LISP’s very basics

In the examples, any bold stuff is the result of running the code above it.

This is a list:

(apple orange banana)

Lists can be nested:

((fruit (apple orange banana)) (colour (red green)))

Lisp usually interprets lists as function calls:

(+ 40 2)

Lisp usually interprets symbols (i.e. identifiers) as variable references:

(* pi 2)

A single-quote character "quotes" something, i.e. prevents Lisp from interpreting it. So the following is a list of symbols:

'(elem1 elem2 elem3)

let creates a list of variables that can be used in an expression:

(let ((a 1) (b 2) (mylist '(a b))) expression)

Hereafter, a will be 1, b = 2, mylist will contain the list '(a b).

setq changes the value of a variable:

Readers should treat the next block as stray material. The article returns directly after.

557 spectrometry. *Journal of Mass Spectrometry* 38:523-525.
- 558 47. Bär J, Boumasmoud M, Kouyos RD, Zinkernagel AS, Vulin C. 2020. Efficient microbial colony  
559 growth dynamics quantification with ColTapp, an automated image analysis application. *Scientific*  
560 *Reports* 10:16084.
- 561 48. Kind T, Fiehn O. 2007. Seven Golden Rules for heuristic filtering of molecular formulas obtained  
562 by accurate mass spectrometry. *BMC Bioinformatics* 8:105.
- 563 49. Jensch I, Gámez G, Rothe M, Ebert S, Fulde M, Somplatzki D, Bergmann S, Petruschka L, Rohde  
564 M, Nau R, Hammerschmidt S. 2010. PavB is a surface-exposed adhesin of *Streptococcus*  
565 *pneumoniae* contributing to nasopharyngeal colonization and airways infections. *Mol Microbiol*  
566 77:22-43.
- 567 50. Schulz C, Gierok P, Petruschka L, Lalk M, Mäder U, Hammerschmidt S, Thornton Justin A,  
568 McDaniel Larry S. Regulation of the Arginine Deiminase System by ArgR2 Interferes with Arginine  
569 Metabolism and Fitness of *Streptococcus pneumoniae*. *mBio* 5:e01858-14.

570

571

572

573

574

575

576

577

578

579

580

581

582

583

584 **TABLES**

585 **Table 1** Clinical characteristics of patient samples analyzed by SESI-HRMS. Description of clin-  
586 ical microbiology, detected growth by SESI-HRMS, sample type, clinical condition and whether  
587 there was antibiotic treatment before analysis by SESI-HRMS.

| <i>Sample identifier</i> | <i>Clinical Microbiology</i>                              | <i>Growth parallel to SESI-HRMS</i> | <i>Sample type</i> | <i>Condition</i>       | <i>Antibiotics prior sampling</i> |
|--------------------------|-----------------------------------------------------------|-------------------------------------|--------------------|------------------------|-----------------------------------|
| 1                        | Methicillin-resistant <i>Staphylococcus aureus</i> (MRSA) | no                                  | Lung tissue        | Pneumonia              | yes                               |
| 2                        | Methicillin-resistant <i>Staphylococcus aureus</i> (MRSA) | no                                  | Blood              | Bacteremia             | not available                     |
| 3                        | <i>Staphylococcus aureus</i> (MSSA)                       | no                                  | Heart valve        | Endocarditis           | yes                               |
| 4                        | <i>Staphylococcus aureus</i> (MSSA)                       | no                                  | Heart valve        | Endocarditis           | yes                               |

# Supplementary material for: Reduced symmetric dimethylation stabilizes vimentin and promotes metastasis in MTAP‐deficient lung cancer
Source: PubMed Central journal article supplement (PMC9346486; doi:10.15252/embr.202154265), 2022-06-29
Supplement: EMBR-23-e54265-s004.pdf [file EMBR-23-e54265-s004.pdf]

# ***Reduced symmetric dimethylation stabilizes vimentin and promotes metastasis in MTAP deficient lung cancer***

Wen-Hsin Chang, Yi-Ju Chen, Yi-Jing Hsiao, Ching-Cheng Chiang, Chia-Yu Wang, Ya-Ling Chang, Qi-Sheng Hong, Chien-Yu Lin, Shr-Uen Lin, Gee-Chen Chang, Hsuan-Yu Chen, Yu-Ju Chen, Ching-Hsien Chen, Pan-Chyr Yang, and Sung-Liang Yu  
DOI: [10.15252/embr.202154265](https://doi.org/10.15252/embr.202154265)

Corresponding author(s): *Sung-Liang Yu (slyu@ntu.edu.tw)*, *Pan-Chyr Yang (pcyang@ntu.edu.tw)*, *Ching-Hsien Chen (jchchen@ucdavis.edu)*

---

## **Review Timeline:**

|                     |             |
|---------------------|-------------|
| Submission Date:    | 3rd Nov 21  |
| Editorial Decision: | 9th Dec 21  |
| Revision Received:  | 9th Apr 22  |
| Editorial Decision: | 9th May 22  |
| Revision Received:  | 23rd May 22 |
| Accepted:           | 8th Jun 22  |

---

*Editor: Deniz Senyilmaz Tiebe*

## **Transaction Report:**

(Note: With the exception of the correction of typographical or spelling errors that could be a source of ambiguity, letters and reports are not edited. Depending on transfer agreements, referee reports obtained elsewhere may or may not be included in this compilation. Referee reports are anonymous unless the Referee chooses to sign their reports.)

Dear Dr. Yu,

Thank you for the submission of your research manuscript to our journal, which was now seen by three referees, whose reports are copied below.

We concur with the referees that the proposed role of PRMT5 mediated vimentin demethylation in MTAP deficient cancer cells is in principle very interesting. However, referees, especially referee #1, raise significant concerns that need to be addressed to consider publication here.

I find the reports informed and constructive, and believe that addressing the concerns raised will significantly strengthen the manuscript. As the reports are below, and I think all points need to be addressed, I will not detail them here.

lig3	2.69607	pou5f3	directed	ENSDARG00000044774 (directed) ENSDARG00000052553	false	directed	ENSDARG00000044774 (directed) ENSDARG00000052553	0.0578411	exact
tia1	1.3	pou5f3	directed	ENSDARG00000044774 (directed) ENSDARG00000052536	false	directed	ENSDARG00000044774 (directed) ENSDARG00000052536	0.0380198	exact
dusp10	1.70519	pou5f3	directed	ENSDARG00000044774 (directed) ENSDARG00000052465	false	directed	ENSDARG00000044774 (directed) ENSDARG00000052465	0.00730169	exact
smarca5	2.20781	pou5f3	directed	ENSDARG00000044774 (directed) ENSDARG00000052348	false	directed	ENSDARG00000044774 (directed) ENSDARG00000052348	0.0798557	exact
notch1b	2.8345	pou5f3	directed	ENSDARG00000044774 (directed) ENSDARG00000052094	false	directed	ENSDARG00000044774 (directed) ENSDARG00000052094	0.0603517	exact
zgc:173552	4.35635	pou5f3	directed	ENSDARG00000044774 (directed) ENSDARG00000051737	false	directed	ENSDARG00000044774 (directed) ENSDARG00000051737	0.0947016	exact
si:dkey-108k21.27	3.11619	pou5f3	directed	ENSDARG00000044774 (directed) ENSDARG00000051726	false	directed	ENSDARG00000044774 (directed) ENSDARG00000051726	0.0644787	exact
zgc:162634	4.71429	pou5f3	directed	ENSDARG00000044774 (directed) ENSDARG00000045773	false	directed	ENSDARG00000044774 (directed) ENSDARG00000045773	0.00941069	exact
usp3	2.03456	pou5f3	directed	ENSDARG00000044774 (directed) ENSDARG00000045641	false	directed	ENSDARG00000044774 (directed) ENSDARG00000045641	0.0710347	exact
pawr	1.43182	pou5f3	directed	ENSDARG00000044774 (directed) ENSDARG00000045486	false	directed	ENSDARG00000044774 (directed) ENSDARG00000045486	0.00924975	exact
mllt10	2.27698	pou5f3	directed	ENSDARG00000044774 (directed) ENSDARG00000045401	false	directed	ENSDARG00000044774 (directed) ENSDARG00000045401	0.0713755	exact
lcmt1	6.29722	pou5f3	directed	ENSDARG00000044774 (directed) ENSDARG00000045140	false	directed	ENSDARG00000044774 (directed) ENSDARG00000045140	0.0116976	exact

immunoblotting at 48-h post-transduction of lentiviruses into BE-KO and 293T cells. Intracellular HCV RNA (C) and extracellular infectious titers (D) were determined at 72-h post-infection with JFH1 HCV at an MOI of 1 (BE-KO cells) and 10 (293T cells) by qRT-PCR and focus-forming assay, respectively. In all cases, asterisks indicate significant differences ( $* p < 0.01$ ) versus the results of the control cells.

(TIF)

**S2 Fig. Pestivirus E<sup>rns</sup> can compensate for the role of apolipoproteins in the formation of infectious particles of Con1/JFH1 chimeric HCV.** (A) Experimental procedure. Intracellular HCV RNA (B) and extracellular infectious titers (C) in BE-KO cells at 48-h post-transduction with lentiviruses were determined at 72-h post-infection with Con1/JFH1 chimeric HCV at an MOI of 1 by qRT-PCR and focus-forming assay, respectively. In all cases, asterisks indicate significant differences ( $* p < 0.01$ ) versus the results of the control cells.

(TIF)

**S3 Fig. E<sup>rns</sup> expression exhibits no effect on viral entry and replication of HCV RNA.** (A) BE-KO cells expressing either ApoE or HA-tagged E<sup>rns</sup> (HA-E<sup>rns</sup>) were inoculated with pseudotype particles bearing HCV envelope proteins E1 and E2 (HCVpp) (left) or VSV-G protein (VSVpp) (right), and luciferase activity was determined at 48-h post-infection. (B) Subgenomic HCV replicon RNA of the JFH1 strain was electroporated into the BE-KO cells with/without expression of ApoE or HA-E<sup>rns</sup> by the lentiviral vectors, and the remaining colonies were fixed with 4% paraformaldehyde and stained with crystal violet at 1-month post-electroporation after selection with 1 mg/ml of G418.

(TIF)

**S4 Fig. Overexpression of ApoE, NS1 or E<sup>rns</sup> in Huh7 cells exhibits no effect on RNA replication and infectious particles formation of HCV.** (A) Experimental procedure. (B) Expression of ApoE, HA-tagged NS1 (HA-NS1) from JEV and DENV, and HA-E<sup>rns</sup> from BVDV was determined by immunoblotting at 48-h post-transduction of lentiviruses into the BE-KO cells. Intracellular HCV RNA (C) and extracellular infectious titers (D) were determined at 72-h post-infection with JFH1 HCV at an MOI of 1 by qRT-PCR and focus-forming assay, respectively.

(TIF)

(setq mylist '(a b c))

The cons function makes a pair:

(cons 'first 42)

Cons pairs are usually used to make lists: the first element is the first element on the list; the second element is either a cons pair for the rest of the list or a nil to mark the end of the list. Consider the following list:

'(1 2 3)

This list is a shorthand for:

(cons 1 (cons 2 (cons 3 nil)))

car returns the first element of a list:

(print (car mylist))

cdr returns the rest of the list (ie all-but-first):

(print (cdr mylist))
(b c)

And that is basically LISP.

A somewhat realistic example

The following example is an inefficient factorial function:

(defun fact (x)               ;a recursive function
  (if (> x 0)
    (* x (fact (- x 1)))

(This stupid function has become the HelloWorld of functional ProgrammingLanguages for some reason.)

Further reading

Look for the tutorial links on the LISP page.

Aside: where do these weird names come from?

The names "car" and "cdr" came from the first machine that Lisp was written for: there were 2 registers and the commands "contents of address register" and "contents of decrement register". CommonLisp allows the more sensible names "first" and "rest".

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